The Complexities of Free Speech

Freedom of speech, I believe, is one of the most complicated and messy issues facing the world today. I would like to look at the United States in particular, where the freedom of speech is “protected by the First Amendment”; however, it should be noted that these arguments can be applied to other countries as well.

On a broad scale, I don’t see freedom of speech being an amendment that means that we should be able to say whatever we want, regardless of its impact on other people. Many times, people use freedom of speech as a defense to be racist, sexist, homophobic, bigoted, and/or intolerant. The first instance that comes to mind is when Duck Dynasty’s Phil Robertson gave an interview to GQ where he made numerous comments that offended many people, while others chose to support his right to make such comments. The show ended up suspending/firing Phil from the show, and the internet exploded. There were people calling left and right for A&E to retract this decision, claiming that Phil was under attack and his first amendment rights were being violated.

I’m inclined to disagree.

Freedom of speech means that you cannot be prosecuted or arrested for your opinions. (And, if that were the case, most of the people on my Facebook feed would be in jail due to disrespecting the President of the United States.) It means that laws cannot be created that limit freedom of speech, expression, the press, and/or religion. In an opinion piece, CNN Contributor LZ Granderson writes: “You can say some stupid stuff … and the First Amendment will keep you from going to jail. But it is not a get-out-of-jail-free card in the eyes of society.”

Freedom of speech does not mean that there are no negative repercussions for stating your opinion. If you openly denounce a large portion of the public in an interview, on television, in a speech, anywhere, really, you’re opening yourself up to criticism and the negative repercussions that may come.

In this sense, then, the freedom of speech should not be limited in any way. People should be able to say what they want without being prosecuted for it. There should not be laws made that restrict freedom of speech. There have been too many cases in our history of restricting the right to speak of those who were not intending to cause harm to others (see: The Red Scare). If we begin to censor and restrict the right to speak or write, there’s no saying that the power that comes with that would get out of hand. Those who get to decide what is censored and what is not then become those who are in power, and those in power are then able to distribute the knowledge to the rest of the population. But if those who are in power are corrupt, or do not share our particular set of morals, the situation becomes much more complicated.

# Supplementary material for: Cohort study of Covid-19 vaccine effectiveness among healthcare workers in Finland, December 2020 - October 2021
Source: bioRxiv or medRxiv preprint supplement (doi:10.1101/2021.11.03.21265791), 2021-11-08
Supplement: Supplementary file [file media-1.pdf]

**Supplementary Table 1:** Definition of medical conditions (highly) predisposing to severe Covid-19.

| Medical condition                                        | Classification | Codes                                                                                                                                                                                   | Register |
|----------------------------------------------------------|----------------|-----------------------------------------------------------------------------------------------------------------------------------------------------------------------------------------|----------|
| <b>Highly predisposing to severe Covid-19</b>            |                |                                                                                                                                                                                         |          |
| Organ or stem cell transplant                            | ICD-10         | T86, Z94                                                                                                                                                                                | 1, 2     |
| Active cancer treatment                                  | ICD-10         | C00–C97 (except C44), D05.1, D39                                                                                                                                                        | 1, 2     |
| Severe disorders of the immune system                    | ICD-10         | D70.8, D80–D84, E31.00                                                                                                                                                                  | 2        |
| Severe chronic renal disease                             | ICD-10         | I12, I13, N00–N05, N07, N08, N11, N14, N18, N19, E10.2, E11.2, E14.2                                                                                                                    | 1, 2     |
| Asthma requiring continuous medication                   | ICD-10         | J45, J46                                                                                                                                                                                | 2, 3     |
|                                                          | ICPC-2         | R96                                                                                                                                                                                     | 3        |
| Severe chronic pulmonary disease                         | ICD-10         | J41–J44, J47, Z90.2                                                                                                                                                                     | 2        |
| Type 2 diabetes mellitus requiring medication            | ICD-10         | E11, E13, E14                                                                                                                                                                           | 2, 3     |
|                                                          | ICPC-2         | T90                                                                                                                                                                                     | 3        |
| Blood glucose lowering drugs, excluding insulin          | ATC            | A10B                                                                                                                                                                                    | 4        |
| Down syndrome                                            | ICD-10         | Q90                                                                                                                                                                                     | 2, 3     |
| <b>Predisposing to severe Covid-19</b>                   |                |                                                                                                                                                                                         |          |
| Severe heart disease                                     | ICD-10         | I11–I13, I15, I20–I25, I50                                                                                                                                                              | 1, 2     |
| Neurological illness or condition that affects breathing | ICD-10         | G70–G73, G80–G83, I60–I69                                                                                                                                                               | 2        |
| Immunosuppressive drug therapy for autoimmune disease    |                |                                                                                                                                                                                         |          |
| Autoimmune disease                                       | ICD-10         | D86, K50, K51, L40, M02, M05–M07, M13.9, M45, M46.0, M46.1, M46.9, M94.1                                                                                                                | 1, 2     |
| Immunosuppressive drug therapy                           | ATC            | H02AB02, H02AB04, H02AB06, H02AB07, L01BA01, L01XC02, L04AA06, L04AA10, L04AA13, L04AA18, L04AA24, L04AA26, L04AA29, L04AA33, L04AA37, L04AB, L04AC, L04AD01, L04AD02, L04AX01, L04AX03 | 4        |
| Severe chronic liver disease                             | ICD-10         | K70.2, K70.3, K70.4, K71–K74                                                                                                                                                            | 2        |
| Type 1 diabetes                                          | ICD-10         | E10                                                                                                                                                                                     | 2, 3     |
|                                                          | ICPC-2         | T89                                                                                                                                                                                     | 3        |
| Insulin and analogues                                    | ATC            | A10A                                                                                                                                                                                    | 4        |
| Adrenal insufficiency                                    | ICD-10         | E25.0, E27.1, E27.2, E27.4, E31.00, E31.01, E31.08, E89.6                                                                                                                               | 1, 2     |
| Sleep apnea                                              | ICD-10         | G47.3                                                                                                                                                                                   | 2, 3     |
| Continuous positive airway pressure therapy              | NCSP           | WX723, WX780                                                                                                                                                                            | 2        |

It would be nice to believe that we could make a blanket statement and say that certain things should be not allowed. And I think it’s fine to make those limits ourselves. For example, I tend to not be friends with people who don’t think women deserve equal rights. This is different, though, from making laws that say people shouldn’t be allowed to say certain things.

I would like to end this post as I began it: by reminding readers that this is an incredibly complicated and messy issue. I am in no way an expert on the First Amendment, nor do I believe that what I wrote here is one hundred percent correct. The 600 words written here do not, and cannot, begin to skim the surface of the in’s and out’s of freedom of speech. But it is my hope that through an open and honest conversation about the different aspects of freedom of speech we will be able to come to a conclusion about how to treat freedom of speech in the digital world.


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